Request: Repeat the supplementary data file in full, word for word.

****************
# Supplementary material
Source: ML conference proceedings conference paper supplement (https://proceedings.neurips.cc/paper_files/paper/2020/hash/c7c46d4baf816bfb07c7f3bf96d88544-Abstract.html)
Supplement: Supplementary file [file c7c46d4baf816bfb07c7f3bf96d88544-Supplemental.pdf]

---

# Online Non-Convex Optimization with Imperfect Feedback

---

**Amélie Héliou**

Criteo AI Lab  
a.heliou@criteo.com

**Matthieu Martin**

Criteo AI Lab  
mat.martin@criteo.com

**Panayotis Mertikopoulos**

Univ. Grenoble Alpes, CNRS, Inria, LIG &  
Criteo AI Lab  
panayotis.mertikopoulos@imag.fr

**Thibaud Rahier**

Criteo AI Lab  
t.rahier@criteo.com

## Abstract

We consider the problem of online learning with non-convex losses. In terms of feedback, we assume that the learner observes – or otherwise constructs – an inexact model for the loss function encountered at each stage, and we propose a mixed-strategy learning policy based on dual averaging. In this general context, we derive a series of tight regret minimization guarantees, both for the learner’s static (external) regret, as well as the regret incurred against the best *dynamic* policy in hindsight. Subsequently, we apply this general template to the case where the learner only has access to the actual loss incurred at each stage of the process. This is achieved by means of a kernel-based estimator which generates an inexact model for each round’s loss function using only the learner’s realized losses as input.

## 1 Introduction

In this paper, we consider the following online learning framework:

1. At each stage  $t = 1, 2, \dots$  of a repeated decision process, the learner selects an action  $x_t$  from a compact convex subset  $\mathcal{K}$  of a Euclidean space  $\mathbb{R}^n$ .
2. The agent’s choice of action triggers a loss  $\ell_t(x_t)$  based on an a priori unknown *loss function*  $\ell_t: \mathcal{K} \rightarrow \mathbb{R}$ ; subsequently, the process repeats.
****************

# Supplementary material
Source: ML conference proceedings conference paper supplement (https://proceedings.neurips.cc/paper_files/paper/2020/hash/c7c46d4baf816bfb07c7f3bf96d88544-Abstract.html)
Supplement: Supplementary file [file c7c46d4baf816bfb07c7f3bf96d88544-Supplemental.pdf]

---

# Online Non-Convex Optimization with Imperfect Feedback

---

**Amélie Héliou**

Criteo AI Lab  
a.heliou@criteo.com

**Matthieu Martin**

Criteo AI Lab  
mat.martin@criteo.com

**Panayotis Mertikopoulos**

Univ. Grenoble Alpes, CNRS, Inria, LIG &  
Criteo AI Lab  
panayotis.mertikopoulos@imag.fr

**Thibaud Rahier**

Criteo AI Lab  
t.rahier@criteo.com

## Abstract

We consider the problem of online learning with non-convex losses. In terms of feedback, we assume that the learner observes – or otherwise constructs – an inexact model for the loss function encountered at each stage, and we propose a mixed-strategy learning policy based on dual averaging. In this general context, we derive a series of tight regret minimization guarantees, both for the learner’s static (external) regret, as well as the regret incurred against the best *dynamic* policy in hindsight. Subsequently, we apply this general template to the case where the learner only has access to the actual loss incurred at each stage of the process. This is achieved by means of a kernel-based estimator which generates an inexact model for each round’s loss function using only the learner’s realized losses as input.

## 1 Introduction

In this paper, we consider the following online learning framework:

1. At each stage  $t = 1, 2, \dots$  of a repeated decision process, the learner selects an action  $x_t$  from a compact convex subset  $\mathcal{K}$  of a Euclidean space  $\mathbb{R}^n$ .
2. The agent’s choice of action triggers a loss  $\ell_t(x_t)$  based on an a priori unknown *loss function*  $\ell_t: \mathcal{K} \rightarrow \mathbb{R}$ ; subsequently, the process repeats.